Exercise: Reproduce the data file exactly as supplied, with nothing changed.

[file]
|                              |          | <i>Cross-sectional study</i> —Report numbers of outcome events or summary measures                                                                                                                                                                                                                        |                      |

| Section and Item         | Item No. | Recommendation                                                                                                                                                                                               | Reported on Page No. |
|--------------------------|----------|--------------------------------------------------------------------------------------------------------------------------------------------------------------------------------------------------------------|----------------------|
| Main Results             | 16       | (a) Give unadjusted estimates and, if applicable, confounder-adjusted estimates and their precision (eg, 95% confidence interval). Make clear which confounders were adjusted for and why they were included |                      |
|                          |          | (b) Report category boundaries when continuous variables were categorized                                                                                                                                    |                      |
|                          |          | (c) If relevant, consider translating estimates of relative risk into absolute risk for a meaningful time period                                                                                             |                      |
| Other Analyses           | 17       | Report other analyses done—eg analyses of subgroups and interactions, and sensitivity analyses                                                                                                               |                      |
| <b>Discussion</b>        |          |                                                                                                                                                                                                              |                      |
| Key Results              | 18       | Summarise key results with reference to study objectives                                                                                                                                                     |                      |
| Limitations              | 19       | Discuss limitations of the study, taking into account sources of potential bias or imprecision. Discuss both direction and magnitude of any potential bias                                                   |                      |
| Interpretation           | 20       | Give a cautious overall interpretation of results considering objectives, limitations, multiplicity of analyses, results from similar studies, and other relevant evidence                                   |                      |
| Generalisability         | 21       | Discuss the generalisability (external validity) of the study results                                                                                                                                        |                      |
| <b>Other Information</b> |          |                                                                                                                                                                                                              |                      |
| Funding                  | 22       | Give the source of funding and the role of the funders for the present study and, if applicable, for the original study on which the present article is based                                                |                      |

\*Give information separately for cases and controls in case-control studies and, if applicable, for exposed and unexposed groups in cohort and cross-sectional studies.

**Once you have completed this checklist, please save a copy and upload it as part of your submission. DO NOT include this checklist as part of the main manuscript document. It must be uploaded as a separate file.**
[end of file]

|                              |          | <i>Cross-sectional study</i> —Report numbers of outcome events or summary measures                                                                                                                                                                                                                        |                      |

| Section and Item         | Item No. | Recommendation                                                                                                                                                                                               | Reported on Page No. |
|--------------------------|----------|--------------------------------------------------------------------------------------------------------------------------------------------------------------------------------------------------------------|----------------------|
| Main Results             | 16       | (a) Give unadjusted estimates and, if applicable, confounder-adjusted estimates and their precision (eg, 95% confidence interval). Make clear which confounders were adjusted for and why they were included |                      |
|                          |          | (b) Report category boundaries when continuous variables were categorized                                                                                                                                    |                      |
|                          |          | (c) If relevant, consider translating estimates of relative risk into absolute risk for a meaningful time period                                                                                             |                      |
| Other Analyses           | 17       | Report other analyses done—eg analyses of subgroups and interactions, and sensitivity analyses                                                                                                               |                      |
| <b>Discussion</b>        |          |                                                                                                                                                                                                              |                      |
| Key Results              | 18       | Summarise key results with reference to study objectives                                                                                                                                                     |                      |
| Limitations              | 19       | Discuss limitations of the study, taking into account sources of potential bias or imprecision. Discuss both direction and magnitude of any potential bias                                                   |                      |
| Interpretation           | 20       | Give a cautious overall interpretation of results considering objectives, limitations, multiplicity of analyses, results from similar studies, and other relevant evidence                                   |                      |
| Generalisability         | 21       | Discuss the generalisability (external validity) of the study results                                                                                                                                        |                      |
| <b>Other Information</b> |          |                                                                                                                                                                                                              |                      |
| Funding                  | 22       | Give the source of funding and the role of the funders for the present study and, if applicable, for the original study on which the present article is based                                                |                      |

\*Give information separately for cases and controls in case-control studies and, if applicable, for exposed and unexposed groups in cohort and cross-sectional studies.

**Once you have completed this checklist, please save a copy and upload it as part of your submission. DO NOT include this checklist as part of the main manuscript document. It must be uploaded as a separate file.**